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MPIO FL500 review: MPIO FL500

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The Good The MPIO FL 500 is a small, eye-catching player that supports Windows Media Player and doubles as a voice recorder and an FM tuner.

The Bad The FL 500's construction feels cheap, its menu navigation is unintuitive, and its screen is too small and dim.

The Bottom Line The MPIO FL500 may get you some attention for its design, but there are many players that beat it out on price, performance, capacity, and features.

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4.7 Overall
  • Design 5
  • Features 4
  • Performance 5

This little flash-based MP3 player has been getting some attention for its retro-modern looks and clip-on portability. Unfortunately, the MPIO FL 500's looks are only skin-deep, and its capacity and functionality do not warrant the price. Our reviews of the MPIO FL400, the FY700, and the FY800 players all point to MPIO's history of delivering small, attractive players plagued by tiny displays, unintuitive controls, and uninspiring price tags. The FL500 continues this tradition. In a market where companies such as Apple and Creative have raised the bar on production quality and product usability while maintaining affordable prices, companies such as MPIO are put in a tough situation. Ultimately there's still a market for budget-quality players like the MPIO FL500, but they need to come with budget price tags.

The aesthetics of the MPIO FL500 are distinctive. With its oversize, metallic rotary controls and its triangular body, the player looks like a mashup of a '70s hi-fi receiver and the cars from the movie Tron. There is a sturdy, smooth metal clip on the back of the FL500 that can be detached by removing the large flathead bolt at the corner of the player. Removing the clip and bolt leaves a hole through which you can thread a lanyard (not supplied) if you're more inclined to wear your player around your neck.

Once you get the FL500 in your hand, the feel of the player's flimsy plastic construction betrays its promising good looks. Aside from the metal bolt and clip, the player and its two metallic dials are constructed from toylike plastic. Spinning the largest dial (volume control) feels more like the scroll wheel on your mouse than the smooth resistance of an analog hi-fi knob. Behind the volume dial, on the corner edge of the player, you'll find a switch controlling the transport functions (push to play or pause, left or right to scan or skip). Because both the volume wheel and these transport controls are located on the corner of this player, we found it very easy to bump them accidentally--especially when we placed the FL500 in our pockets. To be fair, the player is obviously designed to be worn, and a hold switch on the opposite edge of the player prevents the controls from misfiring.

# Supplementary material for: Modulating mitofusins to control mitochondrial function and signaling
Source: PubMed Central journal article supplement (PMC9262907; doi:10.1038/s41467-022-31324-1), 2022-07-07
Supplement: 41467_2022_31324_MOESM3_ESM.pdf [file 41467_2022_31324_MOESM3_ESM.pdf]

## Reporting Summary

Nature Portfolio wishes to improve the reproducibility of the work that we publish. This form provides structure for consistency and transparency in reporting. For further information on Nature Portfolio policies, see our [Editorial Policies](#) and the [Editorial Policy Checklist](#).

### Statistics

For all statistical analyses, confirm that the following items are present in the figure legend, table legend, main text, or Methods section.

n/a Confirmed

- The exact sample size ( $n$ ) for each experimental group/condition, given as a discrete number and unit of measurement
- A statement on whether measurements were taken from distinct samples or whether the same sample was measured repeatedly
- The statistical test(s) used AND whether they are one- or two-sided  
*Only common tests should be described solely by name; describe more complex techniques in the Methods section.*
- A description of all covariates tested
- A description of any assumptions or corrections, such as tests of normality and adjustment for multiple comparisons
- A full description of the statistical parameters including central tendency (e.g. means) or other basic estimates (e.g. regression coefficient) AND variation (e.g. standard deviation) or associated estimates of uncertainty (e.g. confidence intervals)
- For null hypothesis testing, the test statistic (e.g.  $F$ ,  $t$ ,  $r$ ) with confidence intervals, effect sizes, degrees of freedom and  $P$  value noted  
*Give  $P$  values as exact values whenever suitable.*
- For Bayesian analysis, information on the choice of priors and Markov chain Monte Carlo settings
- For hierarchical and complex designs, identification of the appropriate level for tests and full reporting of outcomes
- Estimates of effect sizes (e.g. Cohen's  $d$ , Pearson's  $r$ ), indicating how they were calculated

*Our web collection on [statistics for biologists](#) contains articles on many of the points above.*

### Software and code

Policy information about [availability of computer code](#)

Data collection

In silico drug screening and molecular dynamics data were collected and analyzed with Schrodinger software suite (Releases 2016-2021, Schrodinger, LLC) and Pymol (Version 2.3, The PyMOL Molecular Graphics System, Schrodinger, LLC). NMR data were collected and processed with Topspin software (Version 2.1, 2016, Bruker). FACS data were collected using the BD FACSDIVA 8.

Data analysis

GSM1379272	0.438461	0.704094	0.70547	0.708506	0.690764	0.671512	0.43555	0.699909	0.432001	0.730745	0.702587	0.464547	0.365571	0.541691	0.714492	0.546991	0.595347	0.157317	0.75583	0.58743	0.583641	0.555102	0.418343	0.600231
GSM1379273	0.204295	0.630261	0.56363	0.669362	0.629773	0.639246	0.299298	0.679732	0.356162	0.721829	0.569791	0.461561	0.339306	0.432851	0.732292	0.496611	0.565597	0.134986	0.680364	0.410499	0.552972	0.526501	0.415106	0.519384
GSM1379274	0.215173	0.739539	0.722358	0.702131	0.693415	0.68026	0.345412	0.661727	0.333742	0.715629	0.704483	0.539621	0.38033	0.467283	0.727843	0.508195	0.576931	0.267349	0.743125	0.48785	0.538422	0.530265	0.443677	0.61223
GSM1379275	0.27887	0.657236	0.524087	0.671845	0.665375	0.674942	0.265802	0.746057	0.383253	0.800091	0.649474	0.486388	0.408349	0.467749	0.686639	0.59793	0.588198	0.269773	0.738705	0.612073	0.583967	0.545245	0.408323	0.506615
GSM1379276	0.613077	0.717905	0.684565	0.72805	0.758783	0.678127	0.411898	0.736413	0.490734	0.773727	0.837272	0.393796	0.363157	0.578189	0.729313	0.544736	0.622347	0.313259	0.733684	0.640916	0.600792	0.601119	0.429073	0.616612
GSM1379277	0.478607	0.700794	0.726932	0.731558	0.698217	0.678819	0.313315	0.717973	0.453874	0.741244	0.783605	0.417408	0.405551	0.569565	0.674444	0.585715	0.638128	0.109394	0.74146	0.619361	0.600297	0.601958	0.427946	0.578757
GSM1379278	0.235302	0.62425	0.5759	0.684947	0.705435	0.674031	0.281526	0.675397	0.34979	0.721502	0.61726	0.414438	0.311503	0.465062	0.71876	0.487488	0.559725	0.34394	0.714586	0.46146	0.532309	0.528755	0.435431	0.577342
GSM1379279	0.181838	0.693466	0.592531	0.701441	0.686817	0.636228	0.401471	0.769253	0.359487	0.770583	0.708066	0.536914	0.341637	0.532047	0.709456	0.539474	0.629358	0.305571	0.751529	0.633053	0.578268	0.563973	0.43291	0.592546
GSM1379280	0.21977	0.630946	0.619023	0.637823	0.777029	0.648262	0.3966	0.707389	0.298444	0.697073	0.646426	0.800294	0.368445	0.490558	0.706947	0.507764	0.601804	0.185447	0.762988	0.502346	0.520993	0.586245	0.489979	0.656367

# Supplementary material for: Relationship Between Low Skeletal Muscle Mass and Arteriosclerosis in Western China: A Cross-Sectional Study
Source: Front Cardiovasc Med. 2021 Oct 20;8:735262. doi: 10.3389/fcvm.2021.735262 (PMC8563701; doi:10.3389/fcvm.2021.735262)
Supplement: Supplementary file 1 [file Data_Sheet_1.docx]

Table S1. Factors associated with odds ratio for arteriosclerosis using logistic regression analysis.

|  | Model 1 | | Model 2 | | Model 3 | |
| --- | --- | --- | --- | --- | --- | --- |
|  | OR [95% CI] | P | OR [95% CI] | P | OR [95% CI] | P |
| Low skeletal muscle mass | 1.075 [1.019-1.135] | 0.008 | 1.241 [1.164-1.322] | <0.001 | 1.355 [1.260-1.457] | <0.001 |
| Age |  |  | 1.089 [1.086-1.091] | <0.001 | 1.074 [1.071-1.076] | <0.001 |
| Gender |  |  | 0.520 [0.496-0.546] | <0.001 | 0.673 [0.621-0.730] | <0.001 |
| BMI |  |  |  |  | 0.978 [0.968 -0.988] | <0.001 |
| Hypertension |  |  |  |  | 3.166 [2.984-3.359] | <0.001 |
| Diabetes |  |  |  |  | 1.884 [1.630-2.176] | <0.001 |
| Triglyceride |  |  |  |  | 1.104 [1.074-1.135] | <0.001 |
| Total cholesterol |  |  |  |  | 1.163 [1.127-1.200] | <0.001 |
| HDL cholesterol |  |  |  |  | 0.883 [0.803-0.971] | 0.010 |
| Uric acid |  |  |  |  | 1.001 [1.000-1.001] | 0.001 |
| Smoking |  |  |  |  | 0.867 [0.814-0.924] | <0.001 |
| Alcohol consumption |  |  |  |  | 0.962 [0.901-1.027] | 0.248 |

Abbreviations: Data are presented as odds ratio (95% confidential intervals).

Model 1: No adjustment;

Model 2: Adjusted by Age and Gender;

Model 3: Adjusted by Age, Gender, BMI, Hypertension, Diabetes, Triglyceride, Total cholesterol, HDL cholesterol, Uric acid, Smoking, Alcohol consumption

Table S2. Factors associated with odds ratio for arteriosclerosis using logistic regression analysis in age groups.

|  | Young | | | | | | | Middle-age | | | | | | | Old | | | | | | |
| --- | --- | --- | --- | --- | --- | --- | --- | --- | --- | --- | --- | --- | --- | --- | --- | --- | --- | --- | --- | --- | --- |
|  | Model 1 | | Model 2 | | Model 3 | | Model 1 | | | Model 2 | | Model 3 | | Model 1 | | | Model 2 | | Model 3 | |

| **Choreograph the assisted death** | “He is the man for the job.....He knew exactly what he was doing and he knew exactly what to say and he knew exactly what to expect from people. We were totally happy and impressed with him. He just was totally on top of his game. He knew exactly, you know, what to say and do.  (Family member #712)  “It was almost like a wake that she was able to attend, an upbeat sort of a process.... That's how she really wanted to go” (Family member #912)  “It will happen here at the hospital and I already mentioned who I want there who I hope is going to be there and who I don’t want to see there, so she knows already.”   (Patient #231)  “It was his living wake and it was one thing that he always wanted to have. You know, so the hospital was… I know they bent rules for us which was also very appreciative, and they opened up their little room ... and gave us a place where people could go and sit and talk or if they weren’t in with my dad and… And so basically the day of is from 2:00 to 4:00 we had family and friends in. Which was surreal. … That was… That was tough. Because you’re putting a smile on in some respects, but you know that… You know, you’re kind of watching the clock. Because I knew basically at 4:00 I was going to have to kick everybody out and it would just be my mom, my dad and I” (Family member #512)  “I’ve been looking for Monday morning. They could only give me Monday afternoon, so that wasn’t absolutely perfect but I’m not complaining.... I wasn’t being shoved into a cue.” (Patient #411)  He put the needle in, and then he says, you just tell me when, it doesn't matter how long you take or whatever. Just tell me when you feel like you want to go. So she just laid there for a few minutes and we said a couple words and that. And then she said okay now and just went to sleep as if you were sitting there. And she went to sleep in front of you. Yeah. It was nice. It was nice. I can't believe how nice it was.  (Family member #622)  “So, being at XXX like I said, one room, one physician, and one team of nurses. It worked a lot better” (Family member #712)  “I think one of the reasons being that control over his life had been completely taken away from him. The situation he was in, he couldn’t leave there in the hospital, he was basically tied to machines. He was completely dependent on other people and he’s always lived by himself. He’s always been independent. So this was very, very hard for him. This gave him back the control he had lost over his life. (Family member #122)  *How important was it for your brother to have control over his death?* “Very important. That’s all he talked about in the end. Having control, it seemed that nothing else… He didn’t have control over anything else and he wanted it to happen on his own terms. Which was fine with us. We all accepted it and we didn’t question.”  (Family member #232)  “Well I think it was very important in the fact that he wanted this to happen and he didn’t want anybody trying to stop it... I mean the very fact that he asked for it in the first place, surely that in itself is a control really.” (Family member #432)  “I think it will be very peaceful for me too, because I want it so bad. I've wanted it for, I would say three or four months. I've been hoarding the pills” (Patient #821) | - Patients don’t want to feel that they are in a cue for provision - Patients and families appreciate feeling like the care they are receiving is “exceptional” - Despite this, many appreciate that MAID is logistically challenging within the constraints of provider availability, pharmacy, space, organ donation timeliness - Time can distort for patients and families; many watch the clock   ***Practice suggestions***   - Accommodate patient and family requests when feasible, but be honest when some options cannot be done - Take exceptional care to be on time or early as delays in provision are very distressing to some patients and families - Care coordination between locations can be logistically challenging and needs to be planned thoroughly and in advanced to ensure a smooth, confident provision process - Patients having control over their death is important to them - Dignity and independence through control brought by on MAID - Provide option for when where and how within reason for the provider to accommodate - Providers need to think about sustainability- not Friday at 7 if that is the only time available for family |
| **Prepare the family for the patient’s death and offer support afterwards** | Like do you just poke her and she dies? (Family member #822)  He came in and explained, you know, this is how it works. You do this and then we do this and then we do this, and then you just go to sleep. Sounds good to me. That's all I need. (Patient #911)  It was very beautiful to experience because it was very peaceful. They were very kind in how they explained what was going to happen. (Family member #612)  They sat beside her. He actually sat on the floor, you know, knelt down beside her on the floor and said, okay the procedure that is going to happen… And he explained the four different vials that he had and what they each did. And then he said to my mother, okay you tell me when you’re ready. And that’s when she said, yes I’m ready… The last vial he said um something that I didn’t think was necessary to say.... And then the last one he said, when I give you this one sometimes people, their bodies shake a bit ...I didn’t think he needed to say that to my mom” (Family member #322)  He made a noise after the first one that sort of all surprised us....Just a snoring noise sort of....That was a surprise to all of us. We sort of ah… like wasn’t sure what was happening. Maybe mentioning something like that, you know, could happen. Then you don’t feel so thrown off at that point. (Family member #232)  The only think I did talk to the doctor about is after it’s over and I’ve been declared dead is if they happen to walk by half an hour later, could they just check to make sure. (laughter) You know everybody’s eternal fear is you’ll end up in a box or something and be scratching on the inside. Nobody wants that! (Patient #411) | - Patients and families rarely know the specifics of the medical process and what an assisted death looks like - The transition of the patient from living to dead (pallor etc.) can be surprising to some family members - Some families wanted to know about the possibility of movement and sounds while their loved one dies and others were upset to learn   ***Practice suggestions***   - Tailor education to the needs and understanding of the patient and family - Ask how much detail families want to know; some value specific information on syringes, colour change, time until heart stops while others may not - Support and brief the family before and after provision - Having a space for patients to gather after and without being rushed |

We did find the dedicated mode selector switch on the front of the player to be an improvement compared to the way other MPIO players have handled switching modes via illegible menus or unmarked buttons. We also thought the menu button was intuitively placed, right between the mode selector and the transport controls on the side of the player. Unfortunately, one glaring design flaw is the FL500's flimsy, barely tethered rubber door covering its type-B mini USB 2.0 connection. We would rather they leave the door off altogether and just make the USB port flush with the case.

Predictably, the monochrome screen on the FL500 is as small, dim, and cluttered as the screen on the recently reviewed MPIO FY800. Other players in this category (such as the Philips GoGear 4010) suffer the same problem of striking a balance between battery life and a legible, well-lit screen. I can see the design-by-committee logic that would come to the conclusion that any screen is better than no screen at all. But I think it's safe to say that products such as Apple's iPod Shuffle are proving that when it comes to micro-size players, many American gadget consumers prefer lavishly produced design and ease of use over less-refined products capable of track display and added functionality.

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